The girl slipped in beside him, seized his right hand in her left, joined up on her right. 'James' - it was a thrilling whisper - 'oh, James. It's me! Tracy! What's the matter with you? Where have you come from?'

'Tracy,' said Bond dully. 'Tracy. Hold on to me. I'm in bad shape. Tell you later.'

Then Auld Lang Syne began and everyone swung linked hands in unison to the music.


Fork Left for Hell!

BOND HAD no idea how he managed to stay upright, but at last it was over and everyone cheered and broke up into pairs and groups.

Tracy got her arm under his. Bond pulled himself together. He said hoarsely, 'Mix with the crowd, Tracy. Got to get away from here. People after me.' A sudden hope came to him. 'Got your car?'

'Yes, darling. Everything'll be all right. Just hang on to me. Are people waiting for you outside?'

'Could be. Watch out for a big black Mercedes. There may be shooting. Better stay away from me. I can make it. Where's the car?'

'Down the road to the right. But don't be silly. Here, I've got an idea. You get into this parka.' She ran the zip down and stripped it off. ' It'll be a tight fit. Here, put your arm into this sleeve.'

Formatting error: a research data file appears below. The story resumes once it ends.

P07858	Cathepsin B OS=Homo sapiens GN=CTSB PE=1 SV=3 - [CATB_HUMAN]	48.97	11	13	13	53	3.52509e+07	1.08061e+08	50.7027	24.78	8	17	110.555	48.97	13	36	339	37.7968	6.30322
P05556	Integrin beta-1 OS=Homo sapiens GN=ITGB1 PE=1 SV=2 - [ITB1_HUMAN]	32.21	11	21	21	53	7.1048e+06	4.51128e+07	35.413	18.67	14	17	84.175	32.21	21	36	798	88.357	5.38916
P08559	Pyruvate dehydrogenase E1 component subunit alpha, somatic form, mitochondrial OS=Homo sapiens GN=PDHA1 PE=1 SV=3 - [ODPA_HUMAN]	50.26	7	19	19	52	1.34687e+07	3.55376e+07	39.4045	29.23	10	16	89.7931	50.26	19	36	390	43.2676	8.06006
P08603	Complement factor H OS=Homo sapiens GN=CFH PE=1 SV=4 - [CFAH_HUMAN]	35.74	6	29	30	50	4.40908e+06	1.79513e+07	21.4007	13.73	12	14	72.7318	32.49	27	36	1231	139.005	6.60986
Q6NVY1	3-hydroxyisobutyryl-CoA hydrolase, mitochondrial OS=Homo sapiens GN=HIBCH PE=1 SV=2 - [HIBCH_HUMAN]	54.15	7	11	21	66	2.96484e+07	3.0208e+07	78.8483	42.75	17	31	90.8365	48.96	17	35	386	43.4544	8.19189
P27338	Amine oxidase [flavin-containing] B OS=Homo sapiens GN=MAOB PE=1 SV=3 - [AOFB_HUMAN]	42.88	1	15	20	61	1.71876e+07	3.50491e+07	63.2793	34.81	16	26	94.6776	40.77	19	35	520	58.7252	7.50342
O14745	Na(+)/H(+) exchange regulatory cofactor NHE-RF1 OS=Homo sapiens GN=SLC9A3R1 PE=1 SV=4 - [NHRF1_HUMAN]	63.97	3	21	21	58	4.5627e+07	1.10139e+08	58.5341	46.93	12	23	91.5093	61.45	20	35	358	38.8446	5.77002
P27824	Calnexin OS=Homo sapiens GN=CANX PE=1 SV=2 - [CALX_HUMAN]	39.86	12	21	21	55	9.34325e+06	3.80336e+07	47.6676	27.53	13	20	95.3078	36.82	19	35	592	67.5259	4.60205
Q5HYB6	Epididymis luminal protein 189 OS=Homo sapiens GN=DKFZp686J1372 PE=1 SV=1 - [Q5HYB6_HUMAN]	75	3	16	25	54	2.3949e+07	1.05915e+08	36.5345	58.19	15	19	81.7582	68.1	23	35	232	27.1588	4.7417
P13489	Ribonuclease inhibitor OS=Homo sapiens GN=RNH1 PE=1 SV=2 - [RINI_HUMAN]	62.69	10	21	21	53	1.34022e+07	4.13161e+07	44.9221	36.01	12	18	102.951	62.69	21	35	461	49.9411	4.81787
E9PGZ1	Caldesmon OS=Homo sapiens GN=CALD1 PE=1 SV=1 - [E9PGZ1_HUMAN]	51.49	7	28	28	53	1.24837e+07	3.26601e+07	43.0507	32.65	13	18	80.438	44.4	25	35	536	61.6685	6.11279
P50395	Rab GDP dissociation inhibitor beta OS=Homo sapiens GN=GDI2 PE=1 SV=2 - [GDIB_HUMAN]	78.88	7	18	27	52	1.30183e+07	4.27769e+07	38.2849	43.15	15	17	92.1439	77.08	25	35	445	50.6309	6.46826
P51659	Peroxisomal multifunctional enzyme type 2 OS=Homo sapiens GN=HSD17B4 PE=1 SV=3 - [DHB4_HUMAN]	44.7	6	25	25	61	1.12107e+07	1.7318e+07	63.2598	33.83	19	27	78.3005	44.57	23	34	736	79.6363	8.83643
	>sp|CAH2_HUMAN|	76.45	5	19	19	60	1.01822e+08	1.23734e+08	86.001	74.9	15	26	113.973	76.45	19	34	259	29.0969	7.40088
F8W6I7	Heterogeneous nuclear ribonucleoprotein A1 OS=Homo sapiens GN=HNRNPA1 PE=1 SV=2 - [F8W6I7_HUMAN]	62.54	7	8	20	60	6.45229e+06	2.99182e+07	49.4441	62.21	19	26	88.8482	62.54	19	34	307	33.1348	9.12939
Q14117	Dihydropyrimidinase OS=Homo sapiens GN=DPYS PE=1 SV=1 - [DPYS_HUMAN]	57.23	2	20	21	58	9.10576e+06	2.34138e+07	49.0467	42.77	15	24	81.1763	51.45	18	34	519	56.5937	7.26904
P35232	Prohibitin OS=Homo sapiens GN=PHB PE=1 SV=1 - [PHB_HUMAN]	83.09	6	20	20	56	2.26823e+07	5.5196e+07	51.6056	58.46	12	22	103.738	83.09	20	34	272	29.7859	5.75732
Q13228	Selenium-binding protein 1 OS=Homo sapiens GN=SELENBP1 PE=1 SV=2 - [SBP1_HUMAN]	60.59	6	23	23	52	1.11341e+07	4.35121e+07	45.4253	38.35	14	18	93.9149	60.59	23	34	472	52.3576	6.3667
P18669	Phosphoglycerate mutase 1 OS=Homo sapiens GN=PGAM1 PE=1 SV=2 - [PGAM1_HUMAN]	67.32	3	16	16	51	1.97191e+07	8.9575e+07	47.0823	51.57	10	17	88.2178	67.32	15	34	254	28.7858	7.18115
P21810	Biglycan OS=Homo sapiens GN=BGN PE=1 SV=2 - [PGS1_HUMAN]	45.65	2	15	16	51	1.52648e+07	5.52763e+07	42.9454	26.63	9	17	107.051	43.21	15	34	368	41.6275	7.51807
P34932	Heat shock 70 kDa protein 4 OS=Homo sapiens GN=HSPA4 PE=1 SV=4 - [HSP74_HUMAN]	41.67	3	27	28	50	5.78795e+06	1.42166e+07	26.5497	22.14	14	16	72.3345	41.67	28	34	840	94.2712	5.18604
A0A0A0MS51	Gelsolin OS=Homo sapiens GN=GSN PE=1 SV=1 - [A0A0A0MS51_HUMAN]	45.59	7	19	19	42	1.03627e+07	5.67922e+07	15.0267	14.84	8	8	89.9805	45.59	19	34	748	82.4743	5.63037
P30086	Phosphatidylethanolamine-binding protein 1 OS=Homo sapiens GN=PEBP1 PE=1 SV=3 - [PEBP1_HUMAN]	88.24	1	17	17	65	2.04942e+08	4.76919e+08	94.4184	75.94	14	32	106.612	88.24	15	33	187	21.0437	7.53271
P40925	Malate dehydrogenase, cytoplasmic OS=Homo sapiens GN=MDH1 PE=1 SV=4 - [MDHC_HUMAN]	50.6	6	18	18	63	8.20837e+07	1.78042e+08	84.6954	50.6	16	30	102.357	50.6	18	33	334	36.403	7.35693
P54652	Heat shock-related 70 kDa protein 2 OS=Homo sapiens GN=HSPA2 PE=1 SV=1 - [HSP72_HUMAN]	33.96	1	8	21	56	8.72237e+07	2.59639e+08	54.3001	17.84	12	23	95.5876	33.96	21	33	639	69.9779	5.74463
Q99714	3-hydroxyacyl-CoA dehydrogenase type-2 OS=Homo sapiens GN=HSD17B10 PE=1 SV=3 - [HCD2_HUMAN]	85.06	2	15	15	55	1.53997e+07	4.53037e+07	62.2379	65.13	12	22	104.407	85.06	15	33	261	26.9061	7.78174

'But you'll get cold.'

'Do as I tell you. I've got a sweater and plenty on underneath. Now the other arm. That's right.' She pulled up the zip. 'Darling James, you look sweet.'

The fur of the parka smelt of Guerlain's 'Ode'. It took Bond back to Royale. What a girl! The thought of her, of having an ally, of not being on his own, of being away from that bloody mountain, revived Bond. He held her hand and followed her through the crowd that was now streaming towards the exit. This was going to be a bad moment! Whether or not that cable car had come on down the mountain, by now Blofeld would have had time to get one down full of SPECTRE men. Bond had been seen from the train, would be known to have made for Samaden. By now they would have covered the railway station. They would expect him to try and hide in a crowd. Perhaps the drunken man at the entrance had remembered him. If that saloon moved off and revealed the red-arrowed skis, it would be a cert. Bond let go the girl's hand and slipped the shattered Rolex back over the knuckles of his right hand. He had gathered enough strength, mostly from the girl, to have one more bash at them!

She looked at him. 'What are you doing?'

He took her hand again. 'Nothing.'

They were getting near the exit. Bond peered through the slits in his mask. Yes, by God! Two of the thugs were standing beside the ticket man watching the throng with deadly concentration. On the far side of the road stood the black Mercedes, petrol vapour curling up from its exhaust. No escape. There was only bluff. Bond put his arm round Tracy's neck and whispered, 'Kiss me all the way past the ticket-table. They're there, but I think we can make it.'

She flung an arm over his shoulder and drew him to her. 'How did you know that that's what I've been waiting for?' Her lips crushed down sideways on his and, in a tide of laughing, singing people, they were through and on the street.